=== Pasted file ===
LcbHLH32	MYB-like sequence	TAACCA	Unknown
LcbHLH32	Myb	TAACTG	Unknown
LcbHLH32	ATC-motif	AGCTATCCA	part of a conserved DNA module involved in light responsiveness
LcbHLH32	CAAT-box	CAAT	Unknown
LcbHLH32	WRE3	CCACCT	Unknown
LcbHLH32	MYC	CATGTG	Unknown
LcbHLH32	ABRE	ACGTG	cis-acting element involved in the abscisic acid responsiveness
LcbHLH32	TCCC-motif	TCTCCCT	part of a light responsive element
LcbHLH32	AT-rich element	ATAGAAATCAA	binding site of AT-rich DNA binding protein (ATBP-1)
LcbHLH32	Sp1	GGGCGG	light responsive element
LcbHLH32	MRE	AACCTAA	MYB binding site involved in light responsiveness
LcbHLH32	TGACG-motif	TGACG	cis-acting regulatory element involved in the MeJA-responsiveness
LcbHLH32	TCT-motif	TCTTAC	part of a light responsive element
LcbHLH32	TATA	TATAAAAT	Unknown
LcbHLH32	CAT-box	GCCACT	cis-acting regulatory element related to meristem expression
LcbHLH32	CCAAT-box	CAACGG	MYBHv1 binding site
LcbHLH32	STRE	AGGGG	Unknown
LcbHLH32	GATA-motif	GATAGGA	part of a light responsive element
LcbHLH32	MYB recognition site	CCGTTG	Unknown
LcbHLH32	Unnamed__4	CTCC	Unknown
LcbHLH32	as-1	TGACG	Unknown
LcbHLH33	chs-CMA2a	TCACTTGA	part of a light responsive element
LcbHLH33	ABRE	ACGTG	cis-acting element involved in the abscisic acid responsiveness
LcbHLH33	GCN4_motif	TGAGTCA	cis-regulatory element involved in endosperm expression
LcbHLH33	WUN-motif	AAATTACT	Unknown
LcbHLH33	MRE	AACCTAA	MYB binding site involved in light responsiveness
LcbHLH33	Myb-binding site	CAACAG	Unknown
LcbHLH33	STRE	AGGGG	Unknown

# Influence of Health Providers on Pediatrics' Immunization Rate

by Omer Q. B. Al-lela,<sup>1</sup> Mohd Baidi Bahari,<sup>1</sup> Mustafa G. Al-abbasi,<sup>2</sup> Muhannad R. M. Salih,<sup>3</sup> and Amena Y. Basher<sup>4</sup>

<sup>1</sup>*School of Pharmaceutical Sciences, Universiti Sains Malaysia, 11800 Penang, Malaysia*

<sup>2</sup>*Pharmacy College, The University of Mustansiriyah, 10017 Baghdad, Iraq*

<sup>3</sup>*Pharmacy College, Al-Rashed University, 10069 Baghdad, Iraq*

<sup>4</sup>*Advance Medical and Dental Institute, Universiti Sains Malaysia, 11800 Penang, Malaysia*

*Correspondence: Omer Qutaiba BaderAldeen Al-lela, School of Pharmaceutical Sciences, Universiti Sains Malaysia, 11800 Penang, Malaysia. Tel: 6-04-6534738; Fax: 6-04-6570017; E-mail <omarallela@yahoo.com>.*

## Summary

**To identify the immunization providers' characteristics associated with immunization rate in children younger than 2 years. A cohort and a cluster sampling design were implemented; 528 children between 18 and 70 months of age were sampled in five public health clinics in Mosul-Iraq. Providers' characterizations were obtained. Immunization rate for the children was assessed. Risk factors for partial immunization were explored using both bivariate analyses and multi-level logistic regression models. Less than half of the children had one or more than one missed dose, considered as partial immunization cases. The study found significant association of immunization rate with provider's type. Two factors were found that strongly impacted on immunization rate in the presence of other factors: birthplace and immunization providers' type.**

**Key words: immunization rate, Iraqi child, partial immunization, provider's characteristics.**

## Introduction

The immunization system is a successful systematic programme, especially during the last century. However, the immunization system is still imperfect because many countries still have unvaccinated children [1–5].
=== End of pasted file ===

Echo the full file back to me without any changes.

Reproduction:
LcbHLH32	MYB-like sequence	TAACCA	Unknown
LcbHLH32	Myb	TAACTG	Unknown
LcbHLH32	ATC-motif	AGCTATCCA	part of a conserved DNA module involved in light responsiveness
LcbHLH32	CAAT-box	CAAT	Unknown
LcbHLH32	WRE3	CCACCT	Unknown
LcbHLH32	MYC	CATGTG	Unknown
LcbHLH32	ABRE	ACGTG	cis-acting element involved in the abscisic acid responsiveness
LcbHLH32	TCCC-motif	TCTCCCT	part of a light responsive element
LcbHLH32	AT-rich element	ATAGAAATCAA	binding site of AT-rich DNA binding protein (ATBP-1)
LcbHLH32	Sp1	GGGCGG	light responsive element
LcbHLH32	MRE	AACCTAA	MYB binding site involved in light responsiveness
LcbHLH32	TGACG-motif	TGACG	cis-acting regulatory element involved in the MeJA-responsiveness
LcbHLH32	TCT-motif	TCTTAC	part of a light responsive element
LcbHLH32	TATA	TATAAAAT	Unknown
LcbHLH32	CAT-box	GCCACT	cis-acting regulatory element related to meristem expression
LcbHLH32	CCAAT-box	CAACGG	MYBHv1 binding site
LcbHLH32	STRE	AGGGG	Unknown
LcbHLH32	GATA-motif	GATAGGA	part of a light responsive element
LcbHLH32	MYB recognition site	CCGTTG	Unknown
LcbHLH32	Unnamed__4	CTCC	Unknown
LcbHLH32	as-1	TGACG	Unknown
LcbHLH33	chs-CMA2a	TCACTTGA	part of a light responsive element
LcbHLH33	ABRE	ACGTG	cis-acting element involved in the abscisic acid responsiveness
LcbHLH33	GCN4_motif	TGAGTCA	cis-regulatory element involved in endosperm expression
LcbHLH33	WUN-motif	AAATTACT	Unknown
LcbHLH33	MRE	AACCTAA	MYB binding site involved in light responsiveness
LcbHLH33	Myb-binding site	CAACAG	Unknown
LcbHLH33	STRE	AGGGG	Unknown

# Influence of Health Providers on Pediatrics' Immunization Rate

by Omer Q. B. Al-lela,<sup>1</sup> Mohd Baidi Bahari,<sup>1</sup> Mustafa G. Al-abbasi,<sup>2</sup> Muhannad R. M. Salih,<sup>3</sup> and Amena Y. Basher<sup>4</sup>

<sup>1</sup>*School of Pharmaceutical Sciences, Universiti Sains Malaysia, 11800 Penang, Malaysia*

<sup>2</sup>*Pharmacy College, The University of Mustansiriyah, 10017 Baghdad, Iraq*

<sup>3</sup>*Pharmacy College, Al-Rashed University, 10069 Baghdad, Iraq*

<sup>4</sup>*Advance Medical and Dental Institute, Universiti Sains Malaysia, 11800 Penang, Malaysia*

*Correspondence: Omer Qutaiba BaderAldeen Al-lela, School of Pharmaceutical Sciences, Universiti Sains Malaysia, 11800 Penang, Malaysia. Tel: 6-04-6534738; Fax: 6-04-6570017; E-mail <omarallela@yahoo.com>.*

## Summary

**To identify the immunization providers' characteristics associated with immunization rate in children younger than 2 years. A cohort and a cluster sampling design were implemented; 528 children between 18 and 70 months of age were sampled in five public health clinics in Mosul-Iraq. Providers' characterizations were obtained. Immunization rate for the children was assessed. Risk factors for partial immunization were explored using both bivariate analyses and multi-level logistic regression models. Less than half of the children had one or more than one missed dose, considered as partial immunization cases. The study found significant association of immunization rate with provider's type. Two factors were found that strongly impacted on immunization rate in the presence of other factors: birthplace and immunization providers' type.**

**Key words: immunization rate, Iraqi child, partial immunization, provider's characteristics.**

## Introduction

The immunization system is a successful systematic programme, especially during the last century. However, the immunization system is still imperfect because many countries still have unvaccinated children [1–5].